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Gastroparesis

Gastroparesis is a condition that prevents stomach muscles from working properly, which prevents the stomach from digesting food completely. The vagus nerve controls the movement of food through the digestive tract, which is composed of the stomach, small intestine, and large intestine. In cases where the vagus nerve becomes damaged, gastroparesis can occur.

So, what's the most common cause of vagus nerve damage? Diabetes. Chronic high blood sugar levels eventually can eventually damage the vagus nerve, resulting in poor digestion because ingested food doesn't move through the digestive tract normally. Food often remains in the stomach or intestines longer than it should, and the body doesn't efficiently absorb nutrients.

Gastroparesis symptoms

In most cases, according to the National Digestive Diseases Information Clearinghouse (NDDIC), the most common symptoms of gastroparesis include nausea, vomiting undigested food as well as feeling full after eating only a small meal. Other symptoms may include the following:

  1. Appetite loss
  2. Abdomen bloating
  3. Gastroesophageal reflux
  4. Stomach pain

Gastroparesis complications

Gastroparesis can lead to other complications, which are related to inefficient digestion.

Harder-to-control blood sugar.Because gastroparesis causes food to be digested inconsistently, sugar enters the blood erratically.

Weight loss and malnutrition.The body doesn't absorb nutrients in a normal fashion due to gastroparesis. This can cause unintended and unsafe weight loss, as well as malnutrition.>

Intestinal blockages. Undigested food trapped in the digestive tract can solidify and cause potentially life-threatening blockages.

Gastroparesis treatment

The various treatments for gastroparesis depend on the severity of the disease and the advice of your doctor. Treatments include medications, changed eating habits and surgery.

Eating habits. In many cases, drinking carbonated beverages, eating greasy foods or foods with a large amount of fiber can exacerbate symptoms. In turn, making changes to dietary habits may bring temporary relief. Some recommendations from the NDDIC include the following:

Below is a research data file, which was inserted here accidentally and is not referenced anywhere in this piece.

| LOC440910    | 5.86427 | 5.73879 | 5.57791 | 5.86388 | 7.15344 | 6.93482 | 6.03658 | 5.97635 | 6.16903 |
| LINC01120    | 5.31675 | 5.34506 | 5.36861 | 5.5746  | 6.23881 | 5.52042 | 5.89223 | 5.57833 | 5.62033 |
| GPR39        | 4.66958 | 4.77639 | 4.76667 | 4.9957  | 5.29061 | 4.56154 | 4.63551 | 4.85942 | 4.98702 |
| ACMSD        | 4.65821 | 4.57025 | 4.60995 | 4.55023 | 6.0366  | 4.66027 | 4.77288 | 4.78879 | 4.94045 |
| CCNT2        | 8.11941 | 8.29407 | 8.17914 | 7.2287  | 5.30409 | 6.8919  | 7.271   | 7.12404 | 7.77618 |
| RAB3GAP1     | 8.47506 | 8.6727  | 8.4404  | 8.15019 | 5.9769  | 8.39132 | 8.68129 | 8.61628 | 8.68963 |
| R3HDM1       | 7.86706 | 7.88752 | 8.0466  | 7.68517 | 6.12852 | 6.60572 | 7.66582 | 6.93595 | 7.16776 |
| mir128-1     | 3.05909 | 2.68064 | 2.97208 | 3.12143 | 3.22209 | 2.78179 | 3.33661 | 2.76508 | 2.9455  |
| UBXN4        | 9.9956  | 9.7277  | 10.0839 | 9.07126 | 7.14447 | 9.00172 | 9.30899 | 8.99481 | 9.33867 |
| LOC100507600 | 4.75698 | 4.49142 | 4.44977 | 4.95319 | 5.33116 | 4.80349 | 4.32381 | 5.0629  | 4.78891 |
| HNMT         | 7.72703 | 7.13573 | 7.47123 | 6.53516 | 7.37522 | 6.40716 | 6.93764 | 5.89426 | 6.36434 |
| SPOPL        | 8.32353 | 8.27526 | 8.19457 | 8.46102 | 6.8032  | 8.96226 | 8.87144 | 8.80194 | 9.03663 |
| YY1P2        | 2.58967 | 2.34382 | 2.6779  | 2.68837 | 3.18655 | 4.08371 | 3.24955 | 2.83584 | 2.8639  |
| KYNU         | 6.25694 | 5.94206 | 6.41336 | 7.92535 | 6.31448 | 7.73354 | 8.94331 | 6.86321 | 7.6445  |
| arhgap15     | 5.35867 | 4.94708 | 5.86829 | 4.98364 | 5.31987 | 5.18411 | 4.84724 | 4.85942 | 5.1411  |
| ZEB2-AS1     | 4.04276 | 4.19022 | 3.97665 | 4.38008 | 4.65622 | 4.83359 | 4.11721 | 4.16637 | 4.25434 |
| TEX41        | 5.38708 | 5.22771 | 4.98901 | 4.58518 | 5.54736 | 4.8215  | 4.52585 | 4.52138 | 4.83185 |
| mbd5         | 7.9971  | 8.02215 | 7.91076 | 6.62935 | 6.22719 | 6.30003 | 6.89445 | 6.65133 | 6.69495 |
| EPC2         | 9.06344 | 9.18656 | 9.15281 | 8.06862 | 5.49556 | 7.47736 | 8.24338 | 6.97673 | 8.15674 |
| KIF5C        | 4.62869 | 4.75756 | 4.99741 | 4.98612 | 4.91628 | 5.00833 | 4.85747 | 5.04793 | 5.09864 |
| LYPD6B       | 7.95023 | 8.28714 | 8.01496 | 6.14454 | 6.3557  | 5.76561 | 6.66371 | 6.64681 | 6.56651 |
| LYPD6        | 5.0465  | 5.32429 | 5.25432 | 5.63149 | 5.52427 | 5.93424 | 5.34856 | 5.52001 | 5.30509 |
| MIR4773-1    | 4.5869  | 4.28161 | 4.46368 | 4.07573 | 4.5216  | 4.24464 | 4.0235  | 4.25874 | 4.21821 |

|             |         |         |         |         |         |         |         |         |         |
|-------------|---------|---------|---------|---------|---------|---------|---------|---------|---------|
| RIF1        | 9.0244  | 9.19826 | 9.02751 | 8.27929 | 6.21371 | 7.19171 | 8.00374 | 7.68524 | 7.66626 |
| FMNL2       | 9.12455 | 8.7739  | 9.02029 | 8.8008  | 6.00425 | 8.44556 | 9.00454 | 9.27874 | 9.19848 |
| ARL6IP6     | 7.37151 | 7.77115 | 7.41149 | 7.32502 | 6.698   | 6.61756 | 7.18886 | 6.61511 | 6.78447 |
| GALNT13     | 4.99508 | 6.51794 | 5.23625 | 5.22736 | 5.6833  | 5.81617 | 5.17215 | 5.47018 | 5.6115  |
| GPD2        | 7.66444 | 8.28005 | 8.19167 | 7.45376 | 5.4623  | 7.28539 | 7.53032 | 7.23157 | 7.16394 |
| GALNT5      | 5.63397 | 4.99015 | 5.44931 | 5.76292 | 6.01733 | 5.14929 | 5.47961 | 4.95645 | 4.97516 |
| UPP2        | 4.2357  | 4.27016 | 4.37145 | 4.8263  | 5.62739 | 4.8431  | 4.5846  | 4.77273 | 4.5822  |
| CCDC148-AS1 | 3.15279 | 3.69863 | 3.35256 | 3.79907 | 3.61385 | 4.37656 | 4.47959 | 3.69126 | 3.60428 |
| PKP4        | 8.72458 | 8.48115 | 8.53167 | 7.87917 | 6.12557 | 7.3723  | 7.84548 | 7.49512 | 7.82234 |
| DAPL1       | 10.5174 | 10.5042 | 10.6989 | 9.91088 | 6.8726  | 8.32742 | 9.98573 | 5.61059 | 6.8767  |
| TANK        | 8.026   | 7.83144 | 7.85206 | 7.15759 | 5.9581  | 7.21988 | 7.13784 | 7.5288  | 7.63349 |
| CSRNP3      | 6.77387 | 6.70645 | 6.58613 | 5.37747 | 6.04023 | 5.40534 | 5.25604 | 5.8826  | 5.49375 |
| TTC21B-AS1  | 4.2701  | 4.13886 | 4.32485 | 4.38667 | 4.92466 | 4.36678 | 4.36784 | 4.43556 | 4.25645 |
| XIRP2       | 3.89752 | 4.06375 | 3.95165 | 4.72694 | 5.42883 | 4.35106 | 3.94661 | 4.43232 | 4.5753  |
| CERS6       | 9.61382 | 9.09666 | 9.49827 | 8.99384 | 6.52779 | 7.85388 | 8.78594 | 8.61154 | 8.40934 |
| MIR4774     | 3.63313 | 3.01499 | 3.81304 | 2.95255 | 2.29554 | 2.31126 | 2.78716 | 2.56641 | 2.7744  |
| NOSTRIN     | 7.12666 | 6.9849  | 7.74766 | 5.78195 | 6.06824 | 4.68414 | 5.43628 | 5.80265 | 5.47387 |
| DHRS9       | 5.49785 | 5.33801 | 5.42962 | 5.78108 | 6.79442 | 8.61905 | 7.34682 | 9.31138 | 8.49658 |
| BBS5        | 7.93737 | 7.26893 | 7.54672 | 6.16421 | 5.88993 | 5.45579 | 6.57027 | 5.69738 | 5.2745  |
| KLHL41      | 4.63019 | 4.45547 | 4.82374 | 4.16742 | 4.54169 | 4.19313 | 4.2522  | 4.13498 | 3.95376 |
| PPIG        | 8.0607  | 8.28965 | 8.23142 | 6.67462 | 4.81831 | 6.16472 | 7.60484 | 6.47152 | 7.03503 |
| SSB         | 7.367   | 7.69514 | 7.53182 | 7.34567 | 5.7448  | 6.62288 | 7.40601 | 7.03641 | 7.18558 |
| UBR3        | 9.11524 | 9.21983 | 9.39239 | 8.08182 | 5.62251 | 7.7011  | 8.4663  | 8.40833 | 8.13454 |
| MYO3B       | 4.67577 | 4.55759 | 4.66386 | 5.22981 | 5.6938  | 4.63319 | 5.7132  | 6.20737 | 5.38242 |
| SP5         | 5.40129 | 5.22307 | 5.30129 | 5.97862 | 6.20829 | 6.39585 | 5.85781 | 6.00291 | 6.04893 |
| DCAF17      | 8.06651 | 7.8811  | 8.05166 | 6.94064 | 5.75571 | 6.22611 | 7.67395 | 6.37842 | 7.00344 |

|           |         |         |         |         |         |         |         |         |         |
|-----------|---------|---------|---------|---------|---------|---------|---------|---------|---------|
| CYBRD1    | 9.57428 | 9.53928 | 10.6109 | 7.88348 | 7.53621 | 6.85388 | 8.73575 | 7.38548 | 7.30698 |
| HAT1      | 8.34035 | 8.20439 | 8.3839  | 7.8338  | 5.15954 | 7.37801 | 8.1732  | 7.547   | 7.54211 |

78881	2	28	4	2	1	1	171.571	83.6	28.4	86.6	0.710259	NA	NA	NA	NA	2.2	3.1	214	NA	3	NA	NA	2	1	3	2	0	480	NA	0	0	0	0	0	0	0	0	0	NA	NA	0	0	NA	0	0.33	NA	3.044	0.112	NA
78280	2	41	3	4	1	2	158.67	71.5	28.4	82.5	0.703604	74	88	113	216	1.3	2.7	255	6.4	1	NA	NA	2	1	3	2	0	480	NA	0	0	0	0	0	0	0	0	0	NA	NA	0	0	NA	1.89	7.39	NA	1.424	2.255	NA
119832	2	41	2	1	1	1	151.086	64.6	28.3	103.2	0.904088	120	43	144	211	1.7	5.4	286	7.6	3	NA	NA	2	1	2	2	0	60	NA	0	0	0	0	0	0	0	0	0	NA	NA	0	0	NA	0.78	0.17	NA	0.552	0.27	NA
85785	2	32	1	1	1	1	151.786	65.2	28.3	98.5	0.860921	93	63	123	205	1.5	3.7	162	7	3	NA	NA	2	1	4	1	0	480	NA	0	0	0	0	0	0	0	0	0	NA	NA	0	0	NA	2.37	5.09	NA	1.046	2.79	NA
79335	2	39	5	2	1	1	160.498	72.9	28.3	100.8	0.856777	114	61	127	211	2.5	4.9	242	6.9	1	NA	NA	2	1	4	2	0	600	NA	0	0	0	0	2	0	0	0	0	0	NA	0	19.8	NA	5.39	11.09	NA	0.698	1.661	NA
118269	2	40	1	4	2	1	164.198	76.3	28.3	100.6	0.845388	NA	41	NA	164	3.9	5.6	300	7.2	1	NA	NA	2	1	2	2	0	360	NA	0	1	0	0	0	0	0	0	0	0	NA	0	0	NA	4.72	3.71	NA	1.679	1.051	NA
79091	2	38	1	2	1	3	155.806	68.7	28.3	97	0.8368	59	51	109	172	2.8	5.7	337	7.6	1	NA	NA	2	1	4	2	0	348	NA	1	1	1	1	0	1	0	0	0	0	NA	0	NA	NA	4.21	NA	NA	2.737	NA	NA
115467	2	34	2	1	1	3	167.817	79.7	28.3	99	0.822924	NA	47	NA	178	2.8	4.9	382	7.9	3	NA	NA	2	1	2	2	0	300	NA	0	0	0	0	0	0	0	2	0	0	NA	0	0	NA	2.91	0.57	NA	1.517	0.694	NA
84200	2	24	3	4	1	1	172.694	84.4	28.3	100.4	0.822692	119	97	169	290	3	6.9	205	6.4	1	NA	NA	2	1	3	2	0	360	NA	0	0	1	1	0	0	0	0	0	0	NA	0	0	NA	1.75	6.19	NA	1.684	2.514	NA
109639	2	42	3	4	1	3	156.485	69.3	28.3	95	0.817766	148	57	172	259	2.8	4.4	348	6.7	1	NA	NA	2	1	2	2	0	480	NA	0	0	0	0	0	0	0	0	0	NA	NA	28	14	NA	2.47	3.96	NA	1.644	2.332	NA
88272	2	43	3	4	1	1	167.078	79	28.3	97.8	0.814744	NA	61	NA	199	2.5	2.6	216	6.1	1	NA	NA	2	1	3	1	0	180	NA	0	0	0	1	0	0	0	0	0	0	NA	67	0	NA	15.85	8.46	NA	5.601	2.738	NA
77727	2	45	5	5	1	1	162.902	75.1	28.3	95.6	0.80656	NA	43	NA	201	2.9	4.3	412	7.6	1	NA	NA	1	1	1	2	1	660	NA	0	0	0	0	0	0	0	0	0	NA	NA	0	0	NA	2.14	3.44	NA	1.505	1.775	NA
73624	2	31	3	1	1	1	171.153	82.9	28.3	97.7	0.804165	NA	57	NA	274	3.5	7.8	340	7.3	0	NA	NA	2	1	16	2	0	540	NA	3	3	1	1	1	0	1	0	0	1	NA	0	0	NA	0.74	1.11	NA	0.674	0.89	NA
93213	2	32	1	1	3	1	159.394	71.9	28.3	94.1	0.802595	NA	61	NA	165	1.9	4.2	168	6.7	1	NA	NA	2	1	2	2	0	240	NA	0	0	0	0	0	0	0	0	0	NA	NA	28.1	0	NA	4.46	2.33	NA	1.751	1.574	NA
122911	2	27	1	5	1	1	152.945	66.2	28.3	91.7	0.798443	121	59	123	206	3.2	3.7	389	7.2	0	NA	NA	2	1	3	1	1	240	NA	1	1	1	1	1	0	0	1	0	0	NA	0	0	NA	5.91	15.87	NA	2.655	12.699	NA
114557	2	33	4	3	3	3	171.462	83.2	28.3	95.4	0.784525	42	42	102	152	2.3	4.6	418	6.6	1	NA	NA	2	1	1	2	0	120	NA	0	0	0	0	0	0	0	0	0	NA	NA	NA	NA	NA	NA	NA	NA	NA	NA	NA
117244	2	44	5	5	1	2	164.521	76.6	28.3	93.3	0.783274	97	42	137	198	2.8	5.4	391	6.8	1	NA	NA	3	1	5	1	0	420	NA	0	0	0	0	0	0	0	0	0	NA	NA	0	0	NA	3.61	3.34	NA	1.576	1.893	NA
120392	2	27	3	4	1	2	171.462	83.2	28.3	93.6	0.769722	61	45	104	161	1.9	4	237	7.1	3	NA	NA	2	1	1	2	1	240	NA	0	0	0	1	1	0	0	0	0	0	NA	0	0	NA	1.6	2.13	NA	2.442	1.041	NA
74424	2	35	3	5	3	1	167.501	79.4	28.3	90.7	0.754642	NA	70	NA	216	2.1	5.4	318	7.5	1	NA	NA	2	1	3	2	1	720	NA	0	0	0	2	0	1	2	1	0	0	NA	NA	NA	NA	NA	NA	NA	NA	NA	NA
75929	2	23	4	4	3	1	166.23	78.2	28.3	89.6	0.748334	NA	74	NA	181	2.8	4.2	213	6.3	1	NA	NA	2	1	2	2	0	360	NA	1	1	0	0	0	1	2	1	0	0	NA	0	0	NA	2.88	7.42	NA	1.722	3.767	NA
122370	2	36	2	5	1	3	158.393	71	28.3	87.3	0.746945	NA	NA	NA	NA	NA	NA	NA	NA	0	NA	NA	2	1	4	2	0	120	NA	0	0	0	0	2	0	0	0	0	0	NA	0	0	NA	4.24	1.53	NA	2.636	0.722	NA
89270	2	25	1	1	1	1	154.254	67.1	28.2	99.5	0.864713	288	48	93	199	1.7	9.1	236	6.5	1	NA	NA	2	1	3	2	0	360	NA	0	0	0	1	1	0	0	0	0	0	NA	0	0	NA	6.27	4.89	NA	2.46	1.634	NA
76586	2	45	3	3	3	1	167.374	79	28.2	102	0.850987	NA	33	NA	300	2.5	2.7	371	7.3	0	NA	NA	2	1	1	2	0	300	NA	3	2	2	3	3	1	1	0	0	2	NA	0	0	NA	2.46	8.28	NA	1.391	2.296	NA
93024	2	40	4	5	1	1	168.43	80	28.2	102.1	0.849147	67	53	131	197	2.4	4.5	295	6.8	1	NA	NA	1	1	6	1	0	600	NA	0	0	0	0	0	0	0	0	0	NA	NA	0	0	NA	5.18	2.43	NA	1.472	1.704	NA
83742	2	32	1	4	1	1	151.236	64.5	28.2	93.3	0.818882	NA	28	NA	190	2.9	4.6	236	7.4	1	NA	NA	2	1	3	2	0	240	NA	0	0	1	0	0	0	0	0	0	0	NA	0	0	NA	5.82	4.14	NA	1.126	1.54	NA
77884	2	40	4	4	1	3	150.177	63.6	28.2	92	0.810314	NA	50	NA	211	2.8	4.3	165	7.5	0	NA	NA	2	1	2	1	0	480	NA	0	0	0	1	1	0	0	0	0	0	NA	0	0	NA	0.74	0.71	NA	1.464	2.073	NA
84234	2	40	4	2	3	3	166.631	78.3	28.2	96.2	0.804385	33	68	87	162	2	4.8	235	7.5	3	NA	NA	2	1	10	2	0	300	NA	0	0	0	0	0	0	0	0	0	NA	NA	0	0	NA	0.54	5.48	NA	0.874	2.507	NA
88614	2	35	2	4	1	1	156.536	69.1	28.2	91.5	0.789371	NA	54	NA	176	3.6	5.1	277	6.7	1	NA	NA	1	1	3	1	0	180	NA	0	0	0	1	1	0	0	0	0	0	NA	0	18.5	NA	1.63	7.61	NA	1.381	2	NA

• Eating smaller meals
  • Chewing more slowly and completely
  • Drinking noncarbonated beverages
  • Staying active for two hours after meals
  • Avoiding high-fat or high-fiber foods

Medications. Several medications are available today to treat gastroparesis, including:

  • Reglan (metoclopramide). Reglan can help reduce both vomiting and nausea. It works by forcing the stomach muscles to contract to assist the stomach with gastric emptying.
  • Erythromycin. An antibiotic, erythromycin might help with gastric emptying. It works in the same manner as Reglan -- stimulating the stomach muscles to contract.
  • Cholinergic drugs. These medications stimulate nerve receptors to move food through the digestive tract.

Surgery (Gastroenterostomy). If nutrition or medication changes don't work, health care providers may recommend a surgical procedure called a Gastroenterostomy. Designed to bypass the stomach, a surgeon attaches a feeding tube to the abdominal wall and connects it to the jejunum (part of the small intestine). Remember, this procedure is usually only recommended in extreme cases of gastroparesis.

For individuals with diabetes, they may need to take the following steps to better control their gastroparesis symptoms:

  1. Change the type of insulin they use
  2. Take insulin more often
  3. Instead of taking insulin after meals, taking insulin before meals
  4. Checking blood sugar levels more frequently

If you suspect you may be suffering from gastroparesis, schedule an appointment with your health care provider. Do not make any insulin or medication adjustments prior to speaking to members of your health care team.

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